1 Samuel 2:23-25 (ESV)
23 And he said to them, “Why do you do such things? For I hear of your evil dealings from all the people. 24 No, my sons; it is no good report that I hear the people of the Lord spreading abroad. 25 If someone sins against a man, God will mediate for him, but if someone sins against the Lord, who can intercede for him?” But they would not listen to the voice of their father, for it was the will of the Lord to put them to death.
Often, we find in the word of God passages that force us to think in ways that we have not thought before. A close reading of the above may be one of those passages. Depending on how you have always interpreted the balance of God’s sovereignty and man’s responsibility, the above words, read closely, may be a challenge.
The context of the passage is simple. The sons of Eli are not godly men. They are supposed to b serving as priests as part of their family line. But, at every turn, these young men are abusing their authority and abusing the people under their care. They refuse to hear the rebuke of their Father, and they will eventually end up dead because of what they have done.
What is striking is the end of verse 25, “But they would not listen to the voice of their father.” This indicates for us the issue of God’s sovereignty and man’s responsibility. The verse begins with the statement that these two young men would not listen to the voice of their father. Clearly they are responsible for their own sinful actions. Clearly they have been given an opportunity to repent of sin, and they have not done so.
Yet, there is something telling in that verse which shows us that the sovereignty of God is ultimate in this passage. It is the word “for.” The young men did not listen to the rebuke they heard, But they would not listen to the voice of their father, “for it was the will of the Lord to put them to death.” Why would they not listen? They would not listen, according to the writer of 1 Samuel, because it was God’s will that these men be judged for their sin. It was God’s will to put these men to death for what they had done.
How do we handle the balance? Do the young men have a grievance against God because the Bible indicates that it was God’s will to put them to death? Of course not. These two men had chosen, freely chosen, to sin against God. They lived out their natural tendencies. When they were rebuked, they did not listen. There is nothing in the text that says that God moved them toward sin. We do find out that, behind their refusal to listen is the will of God. Yet, at the same time, they still did not choose to listen to a rebuke against their sin either before or after their father’s rebuke.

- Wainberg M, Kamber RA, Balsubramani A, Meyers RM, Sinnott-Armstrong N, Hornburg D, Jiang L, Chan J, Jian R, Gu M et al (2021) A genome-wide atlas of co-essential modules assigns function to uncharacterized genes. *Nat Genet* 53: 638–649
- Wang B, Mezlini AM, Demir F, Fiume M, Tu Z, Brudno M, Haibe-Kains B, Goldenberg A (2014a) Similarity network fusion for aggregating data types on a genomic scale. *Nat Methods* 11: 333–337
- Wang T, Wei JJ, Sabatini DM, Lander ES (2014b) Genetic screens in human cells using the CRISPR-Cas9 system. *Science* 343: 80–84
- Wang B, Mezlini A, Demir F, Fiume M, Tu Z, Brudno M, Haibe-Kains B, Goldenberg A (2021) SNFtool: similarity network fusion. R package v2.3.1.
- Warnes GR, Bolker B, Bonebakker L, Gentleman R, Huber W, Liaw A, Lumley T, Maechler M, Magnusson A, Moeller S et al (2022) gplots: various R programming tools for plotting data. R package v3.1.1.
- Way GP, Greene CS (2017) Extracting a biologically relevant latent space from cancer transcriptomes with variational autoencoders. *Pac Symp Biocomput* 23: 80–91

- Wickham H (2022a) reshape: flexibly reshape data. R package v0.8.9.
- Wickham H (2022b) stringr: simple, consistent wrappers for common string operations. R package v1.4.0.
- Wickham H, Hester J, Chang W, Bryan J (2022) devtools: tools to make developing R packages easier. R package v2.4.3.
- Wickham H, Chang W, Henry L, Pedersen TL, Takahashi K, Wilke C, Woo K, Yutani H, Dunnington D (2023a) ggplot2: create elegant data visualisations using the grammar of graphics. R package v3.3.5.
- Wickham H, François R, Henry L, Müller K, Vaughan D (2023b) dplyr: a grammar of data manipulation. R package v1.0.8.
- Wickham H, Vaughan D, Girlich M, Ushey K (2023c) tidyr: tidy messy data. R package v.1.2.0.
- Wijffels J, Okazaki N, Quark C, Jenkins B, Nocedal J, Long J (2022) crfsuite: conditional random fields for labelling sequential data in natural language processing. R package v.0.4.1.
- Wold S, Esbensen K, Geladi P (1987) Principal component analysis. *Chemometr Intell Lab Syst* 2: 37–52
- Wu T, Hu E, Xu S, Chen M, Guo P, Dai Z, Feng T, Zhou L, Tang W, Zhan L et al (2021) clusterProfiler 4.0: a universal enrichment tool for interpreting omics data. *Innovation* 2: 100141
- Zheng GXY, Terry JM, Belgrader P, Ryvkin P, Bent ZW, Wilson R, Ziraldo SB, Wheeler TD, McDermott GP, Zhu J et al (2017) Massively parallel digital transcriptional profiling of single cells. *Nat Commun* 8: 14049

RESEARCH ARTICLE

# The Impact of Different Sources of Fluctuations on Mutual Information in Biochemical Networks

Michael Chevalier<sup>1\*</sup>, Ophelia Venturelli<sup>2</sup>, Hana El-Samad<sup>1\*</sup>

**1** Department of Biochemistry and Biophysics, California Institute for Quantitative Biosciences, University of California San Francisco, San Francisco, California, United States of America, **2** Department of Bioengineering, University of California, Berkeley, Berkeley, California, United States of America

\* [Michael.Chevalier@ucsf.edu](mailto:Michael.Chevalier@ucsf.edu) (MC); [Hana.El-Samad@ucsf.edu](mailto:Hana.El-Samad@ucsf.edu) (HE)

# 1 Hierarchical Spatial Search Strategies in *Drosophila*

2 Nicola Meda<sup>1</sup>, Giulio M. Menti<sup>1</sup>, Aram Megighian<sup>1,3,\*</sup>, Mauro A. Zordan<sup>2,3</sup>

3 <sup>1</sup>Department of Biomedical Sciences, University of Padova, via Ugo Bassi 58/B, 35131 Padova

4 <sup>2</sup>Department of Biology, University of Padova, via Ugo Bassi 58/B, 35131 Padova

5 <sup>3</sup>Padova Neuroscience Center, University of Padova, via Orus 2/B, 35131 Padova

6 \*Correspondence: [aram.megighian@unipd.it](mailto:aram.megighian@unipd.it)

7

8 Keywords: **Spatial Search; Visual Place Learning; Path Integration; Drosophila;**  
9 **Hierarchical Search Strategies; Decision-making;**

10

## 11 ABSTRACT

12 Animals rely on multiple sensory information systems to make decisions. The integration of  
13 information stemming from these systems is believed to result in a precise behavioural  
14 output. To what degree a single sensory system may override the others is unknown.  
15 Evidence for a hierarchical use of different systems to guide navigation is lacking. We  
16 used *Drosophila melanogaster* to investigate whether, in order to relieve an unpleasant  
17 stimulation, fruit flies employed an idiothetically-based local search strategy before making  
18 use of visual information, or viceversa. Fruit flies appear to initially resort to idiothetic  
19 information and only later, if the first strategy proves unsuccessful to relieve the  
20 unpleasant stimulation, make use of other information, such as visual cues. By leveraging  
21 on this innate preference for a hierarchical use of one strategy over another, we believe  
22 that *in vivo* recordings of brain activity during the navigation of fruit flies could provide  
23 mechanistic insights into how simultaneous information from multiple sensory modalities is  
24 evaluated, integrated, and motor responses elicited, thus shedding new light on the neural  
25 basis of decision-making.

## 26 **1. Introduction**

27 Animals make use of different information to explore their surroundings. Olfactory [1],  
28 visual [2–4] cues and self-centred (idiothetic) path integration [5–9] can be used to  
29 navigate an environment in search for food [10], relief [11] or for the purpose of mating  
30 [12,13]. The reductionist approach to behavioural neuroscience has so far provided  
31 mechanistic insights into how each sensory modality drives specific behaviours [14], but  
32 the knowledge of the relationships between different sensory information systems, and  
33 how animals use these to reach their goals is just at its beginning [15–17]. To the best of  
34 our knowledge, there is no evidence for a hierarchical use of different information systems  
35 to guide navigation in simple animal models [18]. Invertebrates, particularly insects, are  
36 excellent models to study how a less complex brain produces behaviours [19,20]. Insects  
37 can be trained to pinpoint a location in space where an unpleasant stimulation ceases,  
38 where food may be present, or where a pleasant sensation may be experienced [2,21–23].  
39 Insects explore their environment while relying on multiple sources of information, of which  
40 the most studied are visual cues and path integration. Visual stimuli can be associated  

So, what do we see here? We see here what we see in all biblical cases where the sovereignty of God and the freedom of man come together. Men do what they want to do. Yet, at the end of the day, it is the sovereign will of God that is ultimate. God is God. We dare not think that our will ever thwarts his. He is the Lord. His will is going to be done. His sovereign will cannot be disrupted. (There is a “will” of God which may not be done, often called God’s will of command as opposed to his will of decree. This is not the topic at hand.)
What then should we do with all this? Do we change how we think about our freedom? That really depends. You must determine from Scripture which you believe to be ultimate: God’s will or man’s will. If you learn from Scripture that God’s will is ultimate, then you give him the glory that he deserves for all that is done. You will also rest in his sovereignty, knowing that the Lord is not defeated. At the same time, you will not excuse your or another’s sinful choices, as you will know that man is responsible for his actions.
So, who is free in this passage? Is God free or is man free? The answer is that both are free. At the same time, we would be unbiblical not to recognize that God is more free. His freedom is ultimate. His will of decree, his sovereign will, will be done. This is to his glory, magnifying him as the Lord over all things.